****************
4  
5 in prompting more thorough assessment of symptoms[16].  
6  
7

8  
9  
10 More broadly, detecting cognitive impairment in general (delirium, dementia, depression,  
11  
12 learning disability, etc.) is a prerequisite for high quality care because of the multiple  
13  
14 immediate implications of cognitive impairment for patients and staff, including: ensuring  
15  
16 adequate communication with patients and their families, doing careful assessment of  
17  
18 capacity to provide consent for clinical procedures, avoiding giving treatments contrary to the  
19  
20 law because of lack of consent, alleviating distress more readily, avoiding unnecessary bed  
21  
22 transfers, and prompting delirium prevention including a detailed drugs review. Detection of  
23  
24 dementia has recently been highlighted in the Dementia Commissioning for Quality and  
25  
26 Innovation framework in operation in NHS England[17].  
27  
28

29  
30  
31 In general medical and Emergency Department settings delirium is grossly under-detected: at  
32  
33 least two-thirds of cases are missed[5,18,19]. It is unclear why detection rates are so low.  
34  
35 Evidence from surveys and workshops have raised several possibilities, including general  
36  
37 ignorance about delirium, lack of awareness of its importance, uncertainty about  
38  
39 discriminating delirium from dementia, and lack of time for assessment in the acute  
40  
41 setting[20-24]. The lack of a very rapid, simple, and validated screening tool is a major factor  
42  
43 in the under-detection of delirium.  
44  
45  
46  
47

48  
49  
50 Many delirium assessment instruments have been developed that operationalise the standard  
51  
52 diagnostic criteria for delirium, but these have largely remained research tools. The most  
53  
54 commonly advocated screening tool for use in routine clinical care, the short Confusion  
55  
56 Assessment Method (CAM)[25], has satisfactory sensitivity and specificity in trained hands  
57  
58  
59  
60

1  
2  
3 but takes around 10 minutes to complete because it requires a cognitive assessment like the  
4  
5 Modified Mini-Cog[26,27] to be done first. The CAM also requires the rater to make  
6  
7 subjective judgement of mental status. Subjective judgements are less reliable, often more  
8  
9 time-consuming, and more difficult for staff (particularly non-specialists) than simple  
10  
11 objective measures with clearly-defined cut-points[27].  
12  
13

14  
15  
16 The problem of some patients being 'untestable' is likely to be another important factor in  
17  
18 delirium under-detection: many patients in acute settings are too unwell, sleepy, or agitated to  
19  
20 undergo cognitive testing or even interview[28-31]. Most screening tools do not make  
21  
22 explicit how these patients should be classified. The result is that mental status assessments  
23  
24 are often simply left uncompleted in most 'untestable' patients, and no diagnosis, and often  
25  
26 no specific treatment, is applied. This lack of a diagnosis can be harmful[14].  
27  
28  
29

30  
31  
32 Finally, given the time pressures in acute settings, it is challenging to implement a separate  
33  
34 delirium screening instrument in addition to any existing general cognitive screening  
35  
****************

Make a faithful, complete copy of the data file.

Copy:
4  
5 in prompting more thorough assessment of symptoms[16].  
6  
7

8  
9  
10 More broadly, detecting cognitive impairment in general (delirium, dementia, depression,  
11  
12 learning disability, etc.) is a prerequisite for high quality care because of the multiple  
13  
14 immediate implications of cognitive impairment for patients and staff, including: ensuring  
15  
16 adequate communication with patients and their families, doing careful assessment of  
17  
18 capacity to provide consent for clinical procedures, avoiding giving treatments contrary to the  
19  
20 law because of lack of consent, alleviating distress more readily, avoiding unnecessary bed  
21  
22 transfers, and prompting delirium prevention including a detailed drugs review. Detection of  
23  
24 dementia has recently been highlighted in the Dementia Commissioning for Quality and  
25  
26 Innovation framework in operation in NHS England[17].  
27  
28

29  
30  
31 In general medical and Emergency Department settings delirium is grossly under-detected: at  
32  
33 least two-thirds of cases are missed[5,18,19]. It is unclear why detection rates are so low.  
34  
35 Evidence from surveys and workshops have raised several possibilities, including general  
36  
37 ignorance about delirium, lack of awareness of its importance, uncertainty about  
38  
39 discriminating delirium from dementia, and lack of time for assessment in the acute  
40  
41 setting[20-24]. The lack of a very rapid, simple, and validated screening tool is a major factor  
42  
43 in the under-detection of delirium.  
44  
45  
46  
47

48  
49  
50 Many delirium assessment instruments have been developed that operationalise the standard  
51  
52 diagnostic criteria for delirium, but these have largely remained research tools. The most  
53  
54 commonly advocated screening tool for use in routine clinical care, the short Confusion  
55  
56 Assessment Method (CAM)[25], has satisfactory sensitivity and specificity in trained hands  
57  
58  
59  
60

1  
2  
3 but takes around 10 minutes to complete because it requires a cognitive assessment like the  
4  
5 Modified Mini-Cog[26,27] to be done first. The CAM also requires the rater to make  
6  
7 subjective judgement of mental status. Subjective judgements are less reliable, often more  
8  
9 time-consuming, and more difficult for staff (particularly non-specialists) than simple  
10  
11 objective measures with clearly-defined cut-points[27].  
12  
13

14  
15  
16 The problem of some patients being 'untestable' is likely to be another important factor in  
17  
18 delirium under-detection: many patients in acute settings are too unwell, sleepy, or agitated to  
19  
20 undergo cognitive testing or even interview[28-31]. Most screening tools do not make  
21  
22 explicit how these patients should be classified. The result is that mental status assessments  
23  
24 are often simply left uncompleted in most 'untestable' patients, and no diagnosis, and often  
25  
26 no specific treatment, is applied. This lack of a diagnosis can be harmful[14].  
27  
28  
29

30  
31  
32 Finally, given the time pressures in acute settings, it is challenging to implement a separate  
33  
34 delirium screening instrument in addition to any existing general cognitive screening  
35  